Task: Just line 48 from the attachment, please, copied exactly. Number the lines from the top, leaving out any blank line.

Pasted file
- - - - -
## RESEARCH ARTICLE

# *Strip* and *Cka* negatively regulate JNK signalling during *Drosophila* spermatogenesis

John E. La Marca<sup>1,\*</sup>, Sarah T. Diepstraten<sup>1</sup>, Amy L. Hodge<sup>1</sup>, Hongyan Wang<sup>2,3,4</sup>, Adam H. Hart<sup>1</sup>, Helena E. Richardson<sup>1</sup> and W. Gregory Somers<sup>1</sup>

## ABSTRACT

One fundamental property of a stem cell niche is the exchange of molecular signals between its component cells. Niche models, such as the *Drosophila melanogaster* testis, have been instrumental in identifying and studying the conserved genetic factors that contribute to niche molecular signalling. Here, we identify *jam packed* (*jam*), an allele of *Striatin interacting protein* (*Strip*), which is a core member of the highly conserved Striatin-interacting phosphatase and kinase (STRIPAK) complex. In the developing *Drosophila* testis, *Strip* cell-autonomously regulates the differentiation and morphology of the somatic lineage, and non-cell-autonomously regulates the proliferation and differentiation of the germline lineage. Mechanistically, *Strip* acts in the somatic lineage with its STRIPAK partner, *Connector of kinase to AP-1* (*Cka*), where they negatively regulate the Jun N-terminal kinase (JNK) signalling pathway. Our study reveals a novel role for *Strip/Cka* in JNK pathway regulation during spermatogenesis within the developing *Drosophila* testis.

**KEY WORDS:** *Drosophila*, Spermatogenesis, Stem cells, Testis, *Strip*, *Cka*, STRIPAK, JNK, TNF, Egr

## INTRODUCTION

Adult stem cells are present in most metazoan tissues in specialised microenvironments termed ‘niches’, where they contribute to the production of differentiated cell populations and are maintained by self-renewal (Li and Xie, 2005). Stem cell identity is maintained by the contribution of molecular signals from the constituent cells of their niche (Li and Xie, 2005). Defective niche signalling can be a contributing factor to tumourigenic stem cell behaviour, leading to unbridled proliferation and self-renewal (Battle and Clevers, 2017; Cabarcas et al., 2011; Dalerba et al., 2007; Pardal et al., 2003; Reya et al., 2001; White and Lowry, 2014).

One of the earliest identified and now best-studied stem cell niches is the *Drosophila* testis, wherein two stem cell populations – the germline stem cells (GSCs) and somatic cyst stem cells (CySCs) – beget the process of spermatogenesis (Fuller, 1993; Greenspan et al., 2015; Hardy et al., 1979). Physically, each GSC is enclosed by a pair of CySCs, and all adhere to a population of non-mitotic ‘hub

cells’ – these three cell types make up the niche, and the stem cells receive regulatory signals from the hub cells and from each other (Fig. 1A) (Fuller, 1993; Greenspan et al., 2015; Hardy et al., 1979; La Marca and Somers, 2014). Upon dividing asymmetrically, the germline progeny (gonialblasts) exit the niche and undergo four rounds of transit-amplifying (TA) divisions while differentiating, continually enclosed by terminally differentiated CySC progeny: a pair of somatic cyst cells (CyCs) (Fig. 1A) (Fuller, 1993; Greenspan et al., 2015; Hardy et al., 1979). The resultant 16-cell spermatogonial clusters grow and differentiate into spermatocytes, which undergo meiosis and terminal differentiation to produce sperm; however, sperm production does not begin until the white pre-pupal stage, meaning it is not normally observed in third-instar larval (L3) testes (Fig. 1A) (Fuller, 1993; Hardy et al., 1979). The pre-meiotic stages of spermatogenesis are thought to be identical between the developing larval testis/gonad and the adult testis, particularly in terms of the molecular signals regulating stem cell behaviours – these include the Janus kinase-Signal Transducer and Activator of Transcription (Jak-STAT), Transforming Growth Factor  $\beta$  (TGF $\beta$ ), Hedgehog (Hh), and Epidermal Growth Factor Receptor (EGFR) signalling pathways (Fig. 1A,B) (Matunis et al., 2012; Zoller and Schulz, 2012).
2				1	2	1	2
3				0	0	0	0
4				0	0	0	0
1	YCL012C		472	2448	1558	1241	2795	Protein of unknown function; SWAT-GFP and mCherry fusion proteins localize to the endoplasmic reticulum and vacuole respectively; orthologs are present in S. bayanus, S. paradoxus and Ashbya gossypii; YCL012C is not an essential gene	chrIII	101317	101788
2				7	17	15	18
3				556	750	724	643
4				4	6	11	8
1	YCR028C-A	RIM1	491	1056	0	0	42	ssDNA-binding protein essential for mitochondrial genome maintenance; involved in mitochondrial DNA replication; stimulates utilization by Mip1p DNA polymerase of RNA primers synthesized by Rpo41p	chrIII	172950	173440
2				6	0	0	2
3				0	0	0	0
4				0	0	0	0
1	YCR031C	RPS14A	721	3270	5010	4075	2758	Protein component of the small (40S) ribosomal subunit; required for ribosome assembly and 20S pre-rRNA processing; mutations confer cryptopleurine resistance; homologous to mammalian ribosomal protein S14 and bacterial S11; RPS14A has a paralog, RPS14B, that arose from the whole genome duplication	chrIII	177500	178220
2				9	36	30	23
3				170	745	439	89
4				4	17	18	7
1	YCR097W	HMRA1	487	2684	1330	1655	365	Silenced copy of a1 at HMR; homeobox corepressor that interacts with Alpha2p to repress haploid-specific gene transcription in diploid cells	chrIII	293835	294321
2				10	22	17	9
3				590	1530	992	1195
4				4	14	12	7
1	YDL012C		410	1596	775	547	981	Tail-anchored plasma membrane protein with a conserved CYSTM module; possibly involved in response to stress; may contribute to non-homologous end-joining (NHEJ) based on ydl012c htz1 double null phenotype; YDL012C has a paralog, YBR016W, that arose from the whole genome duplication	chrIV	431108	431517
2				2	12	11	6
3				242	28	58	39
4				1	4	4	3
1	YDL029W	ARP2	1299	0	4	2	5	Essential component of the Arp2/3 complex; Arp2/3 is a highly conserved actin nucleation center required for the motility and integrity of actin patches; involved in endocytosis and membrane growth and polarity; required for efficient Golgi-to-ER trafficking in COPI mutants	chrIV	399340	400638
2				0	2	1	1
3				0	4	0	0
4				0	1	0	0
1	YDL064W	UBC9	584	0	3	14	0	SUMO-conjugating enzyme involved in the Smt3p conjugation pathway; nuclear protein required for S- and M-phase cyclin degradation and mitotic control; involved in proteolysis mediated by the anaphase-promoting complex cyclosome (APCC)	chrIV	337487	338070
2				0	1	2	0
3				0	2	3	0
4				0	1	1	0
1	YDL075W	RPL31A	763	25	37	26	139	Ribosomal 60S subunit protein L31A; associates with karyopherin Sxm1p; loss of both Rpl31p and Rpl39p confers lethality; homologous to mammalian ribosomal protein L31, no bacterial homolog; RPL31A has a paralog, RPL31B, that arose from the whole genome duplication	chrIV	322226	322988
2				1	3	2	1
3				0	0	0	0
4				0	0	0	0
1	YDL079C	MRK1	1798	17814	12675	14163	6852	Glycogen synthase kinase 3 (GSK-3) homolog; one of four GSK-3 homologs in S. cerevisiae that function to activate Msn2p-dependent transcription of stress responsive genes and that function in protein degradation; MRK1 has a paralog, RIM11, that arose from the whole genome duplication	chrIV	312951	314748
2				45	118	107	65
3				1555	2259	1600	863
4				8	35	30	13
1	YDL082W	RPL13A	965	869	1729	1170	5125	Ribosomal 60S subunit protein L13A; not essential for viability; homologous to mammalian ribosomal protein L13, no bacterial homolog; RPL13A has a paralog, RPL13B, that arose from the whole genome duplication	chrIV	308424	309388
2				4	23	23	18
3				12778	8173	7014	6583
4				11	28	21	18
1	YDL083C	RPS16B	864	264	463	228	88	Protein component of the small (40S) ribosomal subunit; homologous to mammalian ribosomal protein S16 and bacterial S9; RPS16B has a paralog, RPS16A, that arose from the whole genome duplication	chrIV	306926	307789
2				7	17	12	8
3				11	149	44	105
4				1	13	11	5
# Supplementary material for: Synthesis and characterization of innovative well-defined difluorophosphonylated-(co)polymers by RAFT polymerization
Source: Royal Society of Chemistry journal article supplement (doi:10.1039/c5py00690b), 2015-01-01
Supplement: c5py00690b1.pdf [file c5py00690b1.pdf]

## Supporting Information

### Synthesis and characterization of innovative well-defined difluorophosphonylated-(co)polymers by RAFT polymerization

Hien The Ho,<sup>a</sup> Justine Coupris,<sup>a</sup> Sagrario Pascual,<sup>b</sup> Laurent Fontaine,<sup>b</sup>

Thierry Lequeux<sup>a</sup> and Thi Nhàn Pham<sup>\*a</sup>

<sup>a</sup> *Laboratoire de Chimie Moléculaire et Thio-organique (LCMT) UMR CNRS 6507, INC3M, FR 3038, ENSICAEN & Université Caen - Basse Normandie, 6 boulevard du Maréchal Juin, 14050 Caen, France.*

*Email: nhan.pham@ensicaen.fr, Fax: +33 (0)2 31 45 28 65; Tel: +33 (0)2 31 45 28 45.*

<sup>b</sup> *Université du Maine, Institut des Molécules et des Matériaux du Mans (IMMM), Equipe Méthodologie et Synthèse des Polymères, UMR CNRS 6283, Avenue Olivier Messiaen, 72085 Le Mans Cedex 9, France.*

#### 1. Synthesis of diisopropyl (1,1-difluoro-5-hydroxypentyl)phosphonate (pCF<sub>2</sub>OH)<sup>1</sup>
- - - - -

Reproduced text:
3				1555	2259	1600	863